Hospitals in New York may soon be required to offer new parents a swim safety video screening before taking their newborns home.

The bill passed the New York State Senate and Assembly on June 5 and if Gov. Kathy Hochul signs it into law, the state-approved video will be offered to new parents at the hospital before they head home with their babies.

The bill was modeled after a current state law regarding Shaken Baby Syndrome. 

The groups behind it, the New York Water Safety Coalition and the United States Swim School Association, also created a sample video highlighting ways children can get hurt in the water.

Drowning is the leading cause of death for kids under 5 and the second leading cause of death for kids 14 and under, said New York Water Safety Coalition founder Brendan O’Melveny. There are also about twice as many nonfatal drownings each year as fatal drownings.

Lisa Zarda worked on getting the bill passed and is executive director of the United States Swim School Association. She hopes the bill’s passing will push other states to follow suit.

“There’s already a mechanism in place in hospitals to show one video (about Shaken Baby Syndrome),” she said. “Why not just show two videos?”

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Will this work? Here’s what other water safety experts think.

Ashleigh Bullivant is executive director of Infant Swimming Resource – ISR – which offers swim classes to infants and other children and has about 1,000 instructors.

She thinks the legislation and accompanying sample video are a “wonderful way” to start this conversation about water safety and drowning prevention. It needs to continue though because water safety is important for all age groups, she said.

She also understands that people at the hospital welcoming babies are at a pretty shocking point in their lives. She was once that mom.

“It’s probably hard to get any one message through really, really clearly in that time of life because so many things are changing,” she said. “That doesn’t mean that we don’t try.”

The video may even be relevant to people who have just welcomed babies but have older children at home, she said.

Lindsay Mondick is the YMCA’s director of movement engagement, innovative priorities and aquatics safety. She said the video is a “much-needed push for education for parents.”

She recalls seeing multiple videos when she first became a mom, including one about sudden infant death syndrome.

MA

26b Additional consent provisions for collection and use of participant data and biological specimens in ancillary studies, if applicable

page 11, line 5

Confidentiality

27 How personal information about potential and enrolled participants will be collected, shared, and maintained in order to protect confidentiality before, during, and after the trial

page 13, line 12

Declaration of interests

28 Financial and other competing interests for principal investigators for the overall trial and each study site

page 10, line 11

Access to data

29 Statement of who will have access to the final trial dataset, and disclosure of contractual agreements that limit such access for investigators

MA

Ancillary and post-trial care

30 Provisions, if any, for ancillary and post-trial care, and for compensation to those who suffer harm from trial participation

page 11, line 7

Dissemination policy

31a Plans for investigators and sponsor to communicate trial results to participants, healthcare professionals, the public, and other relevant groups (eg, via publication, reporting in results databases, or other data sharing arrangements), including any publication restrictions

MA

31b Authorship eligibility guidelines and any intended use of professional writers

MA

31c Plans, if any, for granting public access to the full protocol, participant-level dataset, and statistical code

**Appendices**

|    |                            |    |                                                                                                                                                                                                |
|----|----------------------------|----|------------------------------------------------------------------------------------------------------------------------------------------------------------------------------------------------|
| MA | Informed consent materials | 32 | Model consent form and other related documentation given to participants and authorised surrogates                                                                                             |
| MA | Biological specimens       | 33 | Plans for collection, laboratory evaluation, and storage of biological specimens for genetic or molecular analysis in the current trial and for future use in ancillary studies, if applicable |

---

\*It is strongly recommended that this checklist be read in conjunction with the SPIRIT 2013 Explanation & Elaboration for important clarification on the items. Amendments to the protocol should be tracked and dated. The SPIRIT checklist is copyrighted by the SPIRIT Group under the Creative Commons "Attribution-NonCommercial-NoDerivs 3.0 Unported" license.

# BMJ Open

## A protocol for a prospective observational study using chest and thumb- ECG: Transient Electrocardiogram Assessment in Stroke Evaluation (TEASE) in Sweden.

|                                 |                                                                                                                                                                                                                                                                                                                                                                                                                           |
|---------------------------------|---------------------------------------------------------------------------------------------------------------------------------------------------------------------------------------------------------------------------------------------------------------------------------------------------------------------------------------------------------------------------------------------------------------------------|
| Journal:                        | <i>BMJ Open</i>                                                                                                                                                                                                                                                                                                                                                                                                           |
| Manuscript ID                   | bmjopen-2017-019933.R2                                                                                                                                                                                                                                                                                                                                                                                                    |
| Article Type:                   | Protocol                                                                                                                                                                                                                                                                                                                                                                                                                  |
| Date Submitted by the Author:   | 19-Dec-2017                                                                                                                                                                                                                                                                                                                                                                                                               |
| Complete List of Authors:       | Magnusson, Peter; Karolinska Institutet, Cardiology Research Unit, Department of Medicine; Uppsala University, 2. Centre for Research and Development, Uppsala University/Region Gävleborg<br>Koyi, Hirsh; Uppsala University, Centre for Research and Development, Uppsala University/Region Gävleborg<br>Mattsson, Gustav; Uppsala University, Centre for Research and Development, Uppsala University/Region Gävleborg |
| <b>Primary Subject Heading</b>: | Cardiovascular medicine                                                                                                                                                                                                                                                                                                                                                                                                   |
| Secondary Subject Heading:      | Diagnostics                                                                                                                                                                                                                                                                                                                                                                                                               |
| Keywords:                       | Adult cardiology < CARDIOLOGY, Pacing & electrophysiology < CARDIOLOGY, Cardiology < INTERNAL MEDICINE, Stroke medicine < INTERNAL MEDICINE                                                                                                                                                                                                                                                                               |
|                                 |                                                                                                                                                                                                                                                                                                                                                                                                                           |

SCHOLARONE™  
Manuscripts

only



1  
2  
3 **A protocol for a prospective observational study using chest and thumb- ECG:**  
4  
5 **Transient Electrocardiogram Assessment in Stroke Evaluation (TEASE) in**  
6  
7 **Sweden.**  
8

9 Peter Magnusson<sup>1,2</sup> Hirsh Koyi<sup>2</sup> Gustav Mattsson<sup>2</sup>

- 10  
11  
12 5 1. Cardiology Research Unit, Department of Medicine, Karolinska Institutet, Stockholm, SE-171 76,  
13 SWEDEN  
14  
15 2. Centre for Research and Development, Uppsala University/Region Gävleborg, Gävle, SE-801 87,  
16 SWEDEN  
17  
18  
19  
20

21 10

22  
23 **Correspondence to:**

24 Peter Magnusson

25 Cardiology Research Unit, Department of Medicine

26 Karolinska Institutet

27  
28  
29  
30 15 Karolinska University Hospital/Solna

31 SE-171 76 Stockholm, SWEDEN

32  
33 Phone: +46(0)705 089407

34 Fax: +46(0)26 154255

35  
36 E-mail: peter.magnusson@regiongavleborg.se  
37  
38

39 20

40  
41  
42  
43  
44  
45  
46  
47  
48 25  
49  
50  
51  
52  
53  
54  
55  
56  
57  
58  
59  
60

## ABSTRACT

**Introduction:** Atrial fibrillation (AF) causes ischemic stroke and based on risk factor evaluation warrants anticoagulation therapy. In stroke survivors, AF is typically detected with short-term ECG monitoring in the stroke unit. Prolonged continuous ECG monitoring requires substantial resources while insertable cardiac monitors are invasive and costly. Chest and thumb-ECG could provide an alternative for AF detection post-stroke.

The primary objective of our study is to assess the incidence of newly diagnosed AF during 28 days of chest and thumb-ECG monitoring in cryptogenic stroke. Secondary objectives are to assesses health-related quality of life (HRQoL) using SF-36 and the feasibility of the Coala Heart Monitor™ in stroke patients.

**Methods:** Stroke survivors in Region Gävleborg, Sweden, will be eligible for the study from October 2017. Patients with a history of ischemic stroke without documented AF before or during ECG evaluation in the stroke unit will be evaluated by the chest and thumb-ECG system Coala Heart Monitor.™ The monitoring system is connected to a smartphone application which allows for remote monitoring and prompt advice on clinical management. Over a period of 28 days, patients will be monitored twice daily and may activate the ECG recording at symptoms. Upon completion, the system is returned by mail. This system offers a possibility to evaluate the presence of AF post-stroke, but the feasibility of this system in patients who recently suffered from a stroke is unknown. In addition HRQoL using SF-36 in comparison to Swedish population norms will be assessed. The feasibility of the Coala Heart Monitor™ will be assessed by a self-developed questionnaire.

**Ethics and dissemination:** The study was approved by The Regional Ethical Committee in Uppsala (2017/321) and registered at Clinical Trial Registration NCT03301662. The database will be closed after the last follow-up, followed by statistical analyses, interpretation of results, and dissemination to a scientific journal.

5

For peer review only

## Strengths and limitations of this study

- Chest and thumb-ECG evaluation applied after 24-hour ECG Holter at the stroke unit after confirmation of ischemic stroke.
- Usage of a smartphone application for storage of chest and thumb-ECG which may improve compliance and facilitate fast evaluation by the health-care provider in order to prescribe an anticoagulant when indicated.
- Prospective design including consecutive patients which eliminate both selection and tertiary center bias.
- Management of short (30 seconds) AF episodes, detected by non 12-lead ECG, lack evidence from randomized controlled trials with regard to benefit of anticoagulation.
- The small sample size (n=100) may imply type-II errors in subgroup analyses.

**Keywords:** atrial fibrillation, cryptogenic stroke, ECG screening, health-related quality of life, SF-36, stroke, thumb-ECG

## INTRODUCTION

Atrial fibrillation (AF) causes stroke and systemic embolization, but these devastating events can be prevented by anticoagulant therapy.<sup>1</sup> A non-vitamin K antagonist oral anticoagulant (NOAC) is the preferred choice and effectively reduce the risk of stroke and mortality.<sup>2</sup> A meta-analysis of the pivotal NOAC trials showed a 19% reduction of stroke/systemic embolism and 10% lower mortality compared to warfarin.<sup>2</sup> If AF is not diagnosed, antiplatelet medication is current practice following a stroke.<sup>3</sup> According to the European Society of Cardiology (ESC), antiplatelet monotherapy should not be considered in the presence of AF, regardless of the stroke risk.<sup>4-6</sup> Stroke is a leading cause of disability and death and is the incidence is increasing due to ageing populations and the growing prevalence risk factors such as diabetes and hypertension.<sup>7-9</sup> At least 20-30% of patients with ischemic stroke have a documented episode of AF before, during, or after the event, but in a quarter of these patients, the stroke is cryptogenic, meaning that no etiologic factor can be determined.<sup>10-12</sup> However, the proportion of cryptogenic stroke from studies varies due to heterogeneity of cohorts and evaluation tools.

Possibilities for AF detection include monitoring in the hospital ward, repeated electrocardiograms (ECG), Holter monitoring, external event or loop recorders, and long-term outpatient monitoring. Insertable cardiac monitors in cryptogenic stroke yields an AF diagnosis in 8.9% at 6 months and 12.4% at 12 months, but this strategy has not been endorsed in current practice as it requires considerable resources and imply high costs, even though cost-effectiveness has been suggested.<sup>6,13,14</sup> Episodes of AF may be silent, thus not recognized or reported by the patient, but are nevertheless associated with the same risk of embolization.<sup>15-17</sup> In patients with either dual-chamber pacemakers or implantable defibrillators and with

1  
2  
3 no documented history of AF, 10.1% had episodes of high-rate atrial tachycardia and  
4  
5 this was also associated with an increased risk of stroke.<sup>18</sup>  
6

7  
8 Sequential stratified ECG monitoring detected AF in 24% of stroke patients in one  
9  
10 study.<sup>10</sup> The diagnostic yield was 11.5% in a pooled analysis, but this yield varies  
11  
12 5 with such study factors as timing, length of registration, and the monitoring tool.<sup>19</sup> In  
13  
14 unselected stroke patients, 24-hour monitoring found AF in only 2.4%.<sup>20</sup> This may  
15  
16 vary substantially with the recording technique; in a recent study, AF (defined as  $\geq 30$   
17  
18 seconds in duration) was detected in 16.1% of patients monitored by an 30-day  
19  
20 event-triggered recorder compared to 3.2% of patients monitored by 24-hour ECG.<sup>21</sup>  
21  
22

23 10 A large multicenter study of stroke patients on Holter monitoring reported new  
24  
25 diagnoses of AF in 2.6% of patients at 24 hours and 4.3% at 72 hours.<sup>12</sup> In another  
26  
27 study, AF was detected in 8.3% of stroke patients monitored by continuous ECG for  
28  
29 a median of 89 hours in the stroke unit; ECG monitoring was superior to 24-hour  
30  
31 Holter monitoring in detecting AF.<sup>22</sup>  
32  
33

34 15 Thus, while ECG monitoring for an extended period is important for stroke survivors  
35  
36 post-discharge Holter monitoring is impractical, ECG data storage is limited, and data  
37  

“I think adding water safety is a really important component and a video that reaches parents in a different way can be a very compelling way, especially when you have parents from family foundations sharing the story of losing children,” she said.

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Other ways children can fall victim to drowning incidents

Data has shown that for children under the age of 18 months, the majority of drownings happen in the bathtub. It can happen in as little as an inch of water for children that young, Mondick said.

It can even happen with toilets. Children can flip toilet lids up, fall forward and fall in. The same way parents child proof their homes with socket covers, protections are needed for water sources in or around the house, like toilet seat locks, she said.

And for open water or pools, she stressed the importance of parents not relying solely on lifeguards to keep their children safe. 

“Our main job as parents and caregivers is still to watch our children and not rely on the lifeguards to do it for us,” Mondick said. “Lifeguards are that layer of protection to help us if something goes wrong.”

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What’s next for the bill?

Once Hochul receives the bill, she has 10 days to sign it, veto it or it automatically becomes law. The groups hope to get the bill on the governor’s radar so she can prioritize it. They also want to meet with her office, O’Melveny said.

Both O’Melveny and Zarda have both spoken to families who have experienced water tragedies. 

O’Melveny also harbors a great deal of empathy for those who’ve lost children or nearly lost children to drowning incidents. 

“They’re not bad people,” O’Melveny said. “Every single parent that’s ever been alive has had that one second where they’re like ‘Where is she? Weren’t you watching her?’ And that split second is all it really takes for a child to drown.”


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